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World’s biggest aircraft lifts off from the ground for the first time

According to the last information, the world's biggest aircraft has taken off for the first time with 1.3 million cubic feet of helium

It is reported that the world’s biggest aircraft is being developed now and will not be ready to leave the hangar. But according to the news, the aircraft has already lifted off from the ground in Britain for the first time, Joinfo.com reports with the reference to The Daily Mail.

The aircraft was being developed as part of a US Army project but later military bosses decided to scrap the project.

It is now being converted to provide business and leisure flights in a hangar in Cardington, Bedfordshire – and recently took off for the first time.
The vessel was filled with 1.3million cubic feet of helium – enough to fill 15 Olympic-sized swimming pools – so it could float above the ground.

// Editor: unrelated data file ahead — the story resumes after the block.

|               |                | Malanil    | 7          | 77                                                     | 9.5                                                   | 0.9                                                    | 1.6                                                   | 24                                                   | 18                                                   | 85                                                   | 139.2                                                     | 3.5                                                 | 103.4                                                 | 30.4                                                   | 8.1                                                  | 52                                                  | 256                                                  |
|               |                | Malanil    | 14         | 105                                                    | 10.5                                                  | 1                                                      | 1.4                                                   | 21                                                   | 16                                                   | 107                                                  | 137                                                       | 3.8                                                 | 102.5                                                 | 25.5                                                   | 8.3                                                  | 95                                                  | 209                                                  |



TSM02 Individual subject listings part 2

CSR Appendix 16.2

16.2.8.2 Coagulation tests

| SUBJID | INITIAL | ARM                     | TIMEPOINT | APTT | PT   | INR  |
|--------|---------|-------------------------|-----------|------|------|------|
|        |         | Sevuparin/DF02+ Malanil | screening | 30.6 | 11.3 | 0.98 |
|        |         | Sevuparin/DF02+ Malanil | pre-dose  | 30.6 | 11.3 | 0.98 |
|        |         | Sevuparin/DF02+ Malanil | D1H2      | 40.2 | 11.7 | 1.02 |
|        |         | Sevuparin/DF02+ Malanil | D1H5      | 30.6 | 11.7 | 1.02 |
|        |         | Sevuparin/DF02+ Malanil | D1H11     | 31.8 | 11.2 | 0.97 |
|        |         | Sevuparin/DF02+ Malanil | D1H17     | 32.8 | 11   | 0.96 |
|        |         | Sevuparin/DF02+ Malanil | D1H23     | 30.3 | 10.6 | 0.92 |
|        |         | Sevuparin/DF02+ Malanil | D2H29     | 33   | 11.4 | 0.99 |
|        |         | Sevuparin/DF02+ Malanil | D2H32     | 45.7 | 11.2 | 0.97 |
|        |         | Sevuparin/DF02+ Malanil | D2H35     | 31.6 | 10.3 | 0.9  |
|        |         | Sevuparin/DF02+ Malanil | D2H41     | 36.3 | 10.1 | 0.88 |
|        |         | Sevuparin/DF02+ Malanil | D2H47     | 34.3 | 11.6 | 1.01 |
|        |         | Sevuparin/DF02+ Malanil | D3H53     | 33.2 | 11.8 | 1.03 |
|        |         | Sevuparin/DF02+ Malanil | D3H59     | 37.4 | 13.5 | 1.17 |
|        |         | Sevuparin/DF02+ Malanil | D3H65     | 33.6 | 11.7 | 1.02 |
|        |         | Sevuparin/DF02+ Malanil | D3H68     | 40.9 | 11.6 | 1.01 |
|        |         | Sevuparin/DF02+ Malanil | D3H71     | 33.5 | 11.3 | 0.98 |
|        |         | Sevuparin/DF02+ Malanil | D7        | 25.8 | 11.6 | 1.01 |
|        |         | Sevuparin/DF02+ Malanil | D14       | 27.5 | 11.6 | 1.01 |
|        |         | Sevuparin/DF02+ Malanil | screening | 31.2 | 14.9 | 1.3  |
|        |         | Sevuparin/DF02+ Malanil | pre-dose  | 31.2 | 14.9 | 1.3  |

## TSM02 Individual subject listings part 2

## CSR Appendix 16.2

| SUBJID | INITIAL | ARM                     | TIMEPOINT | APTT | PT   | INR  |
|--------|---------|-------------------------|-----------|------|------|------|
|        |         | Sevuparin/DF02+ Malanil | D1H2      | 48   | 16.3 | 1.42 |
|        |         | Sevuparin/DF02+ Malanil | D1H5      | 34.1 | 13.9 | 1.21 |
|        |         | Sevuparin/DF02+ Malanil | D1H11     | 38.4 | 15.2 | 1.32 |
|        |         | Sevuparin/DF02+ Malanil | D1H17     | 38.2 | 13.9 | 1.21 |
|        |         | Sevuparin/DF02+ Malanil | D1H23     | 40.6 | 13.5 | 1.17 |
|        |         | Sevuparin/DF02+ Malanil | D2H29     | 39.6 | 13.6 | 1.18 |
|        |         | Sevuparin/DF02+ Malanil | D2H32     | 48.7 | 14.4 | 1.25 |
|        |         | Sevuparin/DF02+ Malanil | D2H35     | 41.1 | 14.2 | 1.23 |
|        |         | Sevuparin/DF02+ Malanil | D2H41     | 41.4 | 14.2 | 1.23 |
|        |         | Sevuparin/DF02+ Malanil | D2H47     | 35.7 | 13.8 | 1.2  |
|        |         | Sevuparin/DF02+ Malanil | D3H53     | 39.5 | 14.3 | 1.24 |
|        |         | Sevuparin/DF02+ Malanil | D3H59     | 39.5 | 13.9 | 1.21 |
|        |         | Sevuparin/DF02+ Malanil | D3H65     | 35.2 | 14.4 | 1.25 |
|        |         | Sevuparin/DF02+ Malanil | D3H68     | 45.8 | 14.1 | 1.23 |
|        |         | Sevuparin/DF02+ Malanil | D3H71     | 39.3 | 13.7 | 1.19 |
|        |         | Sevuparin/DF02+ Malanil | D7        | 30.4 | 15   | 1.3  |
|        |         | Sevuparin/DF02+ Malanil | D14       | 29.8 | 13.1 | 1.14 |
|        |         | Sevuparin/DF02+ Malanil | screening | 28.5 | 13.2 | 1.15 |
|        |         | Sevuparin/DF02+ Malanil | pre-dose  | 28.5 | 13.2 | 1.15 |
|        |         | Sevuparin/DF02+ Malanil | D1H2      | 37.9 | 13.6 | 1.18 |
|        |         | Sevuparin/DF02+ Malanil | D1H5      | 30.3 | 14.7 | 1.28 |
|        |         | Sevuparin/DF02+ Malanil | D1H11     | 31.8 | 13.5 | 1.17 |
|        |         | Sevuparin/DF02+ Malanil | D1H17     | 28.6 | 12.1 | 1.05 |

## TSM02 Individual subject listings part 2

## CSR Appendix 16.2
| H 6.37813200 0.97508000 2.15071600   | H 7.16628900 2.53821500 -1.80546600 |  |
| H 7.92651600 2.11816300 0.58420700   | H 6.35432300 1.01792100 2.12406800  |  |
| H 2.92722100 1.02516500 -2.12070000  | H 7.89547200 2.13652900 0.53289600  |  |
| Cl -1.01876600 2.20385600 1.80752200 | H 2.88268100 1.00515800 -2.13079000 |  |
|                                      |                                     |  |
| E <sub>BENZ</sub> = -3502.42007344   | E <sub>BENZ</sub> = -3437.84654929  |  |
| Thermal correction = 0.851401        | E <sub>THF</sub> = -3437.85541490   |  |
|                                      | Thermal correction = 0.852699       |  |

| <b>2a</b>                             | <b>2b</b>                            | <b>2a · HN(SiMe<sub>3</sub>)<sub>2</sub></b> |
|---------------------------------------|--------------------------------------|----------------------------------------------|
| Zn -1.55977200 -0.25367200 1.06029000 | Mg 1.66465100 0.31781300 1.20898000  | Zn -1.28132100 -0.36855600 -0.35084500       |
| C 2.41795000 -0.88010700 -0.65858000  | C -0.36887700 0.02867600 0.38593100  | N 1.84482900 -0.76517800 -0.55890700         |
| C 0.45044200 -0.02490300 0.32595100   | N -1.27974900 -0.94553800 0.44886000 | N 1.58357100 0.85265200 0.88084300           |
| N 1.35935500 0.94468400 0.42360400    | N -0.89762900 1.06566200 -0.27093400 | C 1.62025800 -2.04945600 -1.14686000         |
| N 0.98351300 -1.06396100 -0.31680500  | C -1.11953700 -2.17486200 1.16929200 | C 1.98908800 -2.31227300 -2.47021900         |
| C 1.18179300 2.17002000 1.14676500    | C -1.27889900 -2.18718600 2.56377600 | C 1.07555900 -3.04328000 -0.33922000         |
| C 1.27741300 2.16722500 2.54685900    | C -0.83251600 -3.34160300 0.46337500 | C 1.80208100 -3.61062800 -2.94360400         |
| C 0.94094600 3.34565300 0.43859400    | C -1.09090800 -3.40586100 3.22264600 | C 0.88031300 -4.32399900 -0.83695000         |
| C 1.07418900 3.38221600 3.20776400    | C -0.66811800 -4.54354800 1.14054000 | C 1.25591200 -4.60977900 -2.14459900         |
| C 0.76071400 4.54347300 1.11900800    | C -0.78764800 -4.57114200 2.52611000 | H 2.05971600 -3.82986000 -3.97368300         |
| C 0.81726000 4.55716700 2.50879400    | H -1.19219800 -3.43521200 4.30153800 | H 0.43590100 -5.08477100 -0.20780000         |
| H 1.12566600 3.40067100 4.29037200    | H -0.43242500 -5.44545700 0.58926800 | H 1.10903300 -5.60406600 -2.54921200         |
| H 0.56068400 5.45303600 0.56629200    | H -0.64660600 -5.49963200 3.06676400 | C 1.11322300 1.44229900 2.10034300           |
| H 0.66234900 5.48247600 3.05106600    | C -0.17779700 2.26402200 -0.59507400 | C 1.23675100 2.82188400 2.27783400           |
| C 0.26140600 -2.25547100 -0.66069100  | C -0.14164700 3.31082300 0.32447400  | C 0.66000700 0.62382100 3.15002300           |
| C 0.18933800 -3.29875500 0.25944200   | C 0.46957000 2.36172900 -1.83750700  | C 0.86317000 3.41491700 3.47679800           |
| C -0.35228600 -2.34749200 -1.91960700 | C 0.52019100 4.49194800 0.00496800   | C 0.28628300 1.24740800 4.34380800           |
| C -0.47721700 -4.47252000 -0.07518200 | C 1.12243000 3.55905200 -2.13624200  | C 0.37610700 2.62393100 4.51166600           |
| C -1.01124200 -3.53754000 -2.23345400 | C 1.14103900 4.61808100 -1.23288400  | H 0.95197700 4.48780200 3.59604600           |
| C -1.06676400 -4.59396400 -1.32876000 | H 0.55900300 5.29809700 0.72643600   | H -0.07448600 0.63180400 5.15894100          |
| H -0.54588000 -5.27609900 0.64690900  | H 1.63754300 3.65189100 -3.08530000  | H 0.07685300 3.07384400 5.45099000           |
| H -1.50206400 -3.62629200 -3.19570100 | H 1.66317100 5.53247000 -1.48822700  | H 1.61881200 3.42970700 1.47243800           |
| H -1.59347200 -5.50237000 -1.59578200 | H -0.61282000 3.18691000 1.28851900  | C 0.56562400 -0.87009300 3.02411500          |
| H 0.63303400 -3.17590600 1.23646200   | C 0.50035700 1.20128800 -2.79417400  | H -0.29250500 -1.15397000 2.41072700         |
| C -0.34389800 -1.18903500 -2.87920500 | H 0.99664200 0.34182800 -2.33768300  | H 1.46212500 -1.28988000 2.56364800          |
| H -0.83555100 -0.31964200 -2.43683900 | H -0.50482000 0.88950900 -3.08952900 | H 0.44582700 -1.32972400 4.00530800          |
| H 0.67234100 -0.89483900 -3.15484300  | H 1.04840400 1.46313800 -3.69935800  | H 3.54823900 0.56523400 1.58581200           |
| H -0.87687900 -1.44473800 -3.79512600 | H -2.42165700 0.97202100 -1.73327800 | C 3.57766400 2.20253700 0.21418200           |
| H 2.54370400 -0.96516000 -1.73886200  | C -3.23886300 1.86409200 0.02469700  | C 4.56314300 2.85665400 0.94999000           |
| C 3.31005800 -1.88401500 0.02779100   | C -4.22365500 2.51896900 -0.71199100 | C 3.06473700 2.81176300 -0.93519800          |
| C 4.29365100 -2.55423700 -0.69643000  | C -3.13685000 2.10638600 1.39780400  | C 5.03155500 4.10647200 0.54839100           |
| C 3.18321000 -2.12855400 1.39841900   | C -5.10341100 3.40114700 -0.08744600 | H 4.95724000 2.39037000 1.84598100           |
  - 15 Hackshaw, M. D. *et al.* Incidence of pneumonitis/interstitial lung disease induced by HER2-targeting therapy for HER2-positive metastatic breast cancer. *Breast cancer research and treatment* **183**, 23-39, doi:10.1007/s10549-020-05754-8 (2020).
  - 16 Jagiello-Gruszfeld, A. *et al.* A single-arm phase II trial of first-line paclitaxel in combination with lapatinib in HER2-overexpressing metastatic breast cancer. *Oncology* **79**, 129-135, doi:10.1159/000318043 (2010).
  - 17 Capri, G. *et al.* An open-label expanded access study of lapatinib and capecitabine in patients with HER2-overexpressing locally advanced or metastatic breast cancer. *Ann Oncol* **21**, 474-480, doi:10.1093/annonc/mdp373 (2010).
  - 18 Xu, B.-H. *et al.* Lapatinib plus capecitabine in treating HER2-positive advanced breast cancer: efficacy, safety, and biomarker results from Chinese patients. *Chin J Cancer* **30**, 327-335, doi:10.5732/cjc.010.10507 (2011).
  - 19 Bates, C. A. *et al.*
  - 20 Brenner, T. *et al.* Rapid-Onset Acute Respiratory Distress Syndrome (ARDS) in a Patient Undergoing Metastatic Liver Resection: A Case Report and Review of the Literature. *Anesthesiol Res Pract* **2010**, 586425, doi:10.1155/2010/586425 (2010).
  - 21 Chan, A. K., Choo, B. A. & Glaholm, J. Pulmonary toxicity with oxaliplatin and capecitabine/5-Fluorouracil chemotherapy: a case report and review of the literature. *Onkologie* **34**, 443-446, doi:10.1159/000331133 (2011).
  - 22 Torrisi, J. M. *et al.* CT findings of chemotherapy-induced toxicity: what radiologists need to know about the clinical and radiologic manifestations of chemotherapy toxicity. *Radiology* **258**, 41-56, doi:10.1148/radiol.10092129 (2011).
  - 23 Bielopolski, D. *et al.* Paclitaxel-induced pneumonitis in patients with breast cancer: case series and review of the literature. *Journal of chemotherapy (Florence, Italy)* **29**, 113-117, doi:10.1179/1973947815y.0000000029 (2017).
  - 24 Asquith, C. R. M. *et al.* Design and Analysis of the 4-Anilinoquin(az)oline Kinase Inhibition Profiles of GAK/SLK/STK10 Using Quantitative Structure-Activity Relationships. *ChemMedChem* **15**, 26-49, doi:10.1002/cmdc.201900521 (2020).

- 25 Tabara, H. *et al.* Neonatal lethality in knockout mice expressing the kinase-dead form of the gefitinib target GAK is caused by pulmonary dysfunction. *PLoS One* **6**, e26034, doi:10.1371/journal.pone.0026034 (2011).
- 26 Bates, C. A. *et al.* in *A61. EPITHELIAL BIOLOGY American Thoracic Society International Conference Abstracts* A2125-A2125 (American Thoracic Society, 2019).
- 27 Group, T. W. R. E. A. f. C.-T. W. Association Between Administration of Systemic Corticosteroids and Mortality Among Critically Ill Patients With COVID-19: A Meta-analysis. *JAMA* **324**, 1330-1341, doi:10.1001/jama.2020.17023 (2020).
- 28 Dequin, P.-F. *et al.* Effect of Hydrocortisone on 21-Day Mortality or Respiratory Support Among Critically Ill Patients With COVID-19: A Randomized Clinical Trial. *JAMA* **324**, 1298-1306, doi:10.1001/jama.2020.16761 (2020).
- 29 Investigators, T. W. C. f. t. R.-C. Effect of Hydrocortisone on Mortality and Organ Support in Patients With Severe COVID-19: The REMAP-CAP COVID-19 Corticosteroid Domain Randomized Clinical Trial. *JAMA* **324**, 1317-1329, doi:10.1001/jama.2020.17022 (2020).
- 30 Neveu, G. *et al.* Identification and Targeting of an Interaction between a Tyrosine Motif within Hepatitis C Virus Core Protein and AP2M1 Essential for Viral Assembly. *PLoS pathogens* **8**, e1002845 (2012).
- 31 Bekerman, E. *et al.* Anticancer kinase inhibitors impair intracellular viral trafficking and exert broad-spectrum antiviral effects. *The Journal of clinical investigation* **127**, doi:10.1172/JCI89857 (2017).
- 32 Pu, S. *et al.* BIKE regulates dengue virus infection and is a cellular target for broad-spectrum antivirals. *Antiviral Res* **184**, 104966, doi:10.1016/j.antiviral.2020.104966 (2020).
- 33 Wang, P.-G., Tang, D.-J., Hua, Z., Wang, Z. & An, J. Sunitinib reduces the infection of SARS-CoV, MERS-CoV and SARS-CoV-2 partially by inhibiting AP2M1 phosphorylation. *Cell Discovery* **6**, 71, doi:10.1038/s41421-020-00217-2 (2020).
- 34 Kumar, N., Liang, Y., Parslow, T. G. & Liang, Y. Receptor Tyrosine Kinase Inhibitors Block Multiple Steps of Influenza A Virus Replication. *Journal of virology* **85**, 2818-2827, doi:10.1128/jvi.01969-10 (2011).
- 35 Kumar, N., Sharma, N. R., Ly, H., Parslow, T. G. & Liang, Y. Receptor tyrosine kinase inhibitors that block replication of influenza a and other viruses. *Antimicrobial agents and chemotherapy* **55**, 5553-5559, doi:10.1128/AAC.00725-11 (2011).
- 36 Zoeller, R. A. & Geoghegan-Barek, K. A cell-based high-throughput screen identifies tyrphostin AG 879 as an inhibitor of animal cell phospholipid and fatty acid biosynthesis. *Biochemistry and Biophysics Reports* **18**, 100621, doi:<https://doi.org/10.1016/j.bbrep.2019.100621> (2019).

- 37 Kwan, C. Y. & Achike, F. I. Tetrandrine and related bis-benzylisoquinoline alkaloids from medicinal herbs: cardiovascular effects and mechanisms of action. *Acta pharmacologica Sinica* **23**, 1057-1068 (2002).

At 300ft, the Airlander is the largest aircraft in the world, bigger even than the Airbus A380 – but would be dwarfed by the historic zeppelins developed in Germany during the 1930s.

It is a hybrid of an aeroplane and an airship – 60 per cent of its lift comes from the helium it is filled with while the other 40 per cent comes from its wings.
It will be able to stay in the air for two weeks at a time, cruising at more than 90mph, and travel at heights of up to 20,000ft with a 10-tonne cargo.

Some have hailed the Airlander as the future of air travel because, unlike conventional aeroplanes, it emits little pollution and is not noisy enough to disturb people on the ground.

It can take off and land vertically like a helicopter, which means it does not need a long runway to operate.

British firm Hybrid Air Vehicles was originally one of the contractors developing the vessel for the US Army under a $500million programme which was scrapped in 2012.

The company then bought the rights to develop the Airlander for commercial use – including as a passenger aircraft which will carry 48 people at a time.

As reported earlier, scientists have broken through the laws of physics and created a fuel-free engine. Apparently, a deep space travel is not so unreal, as we are used to think.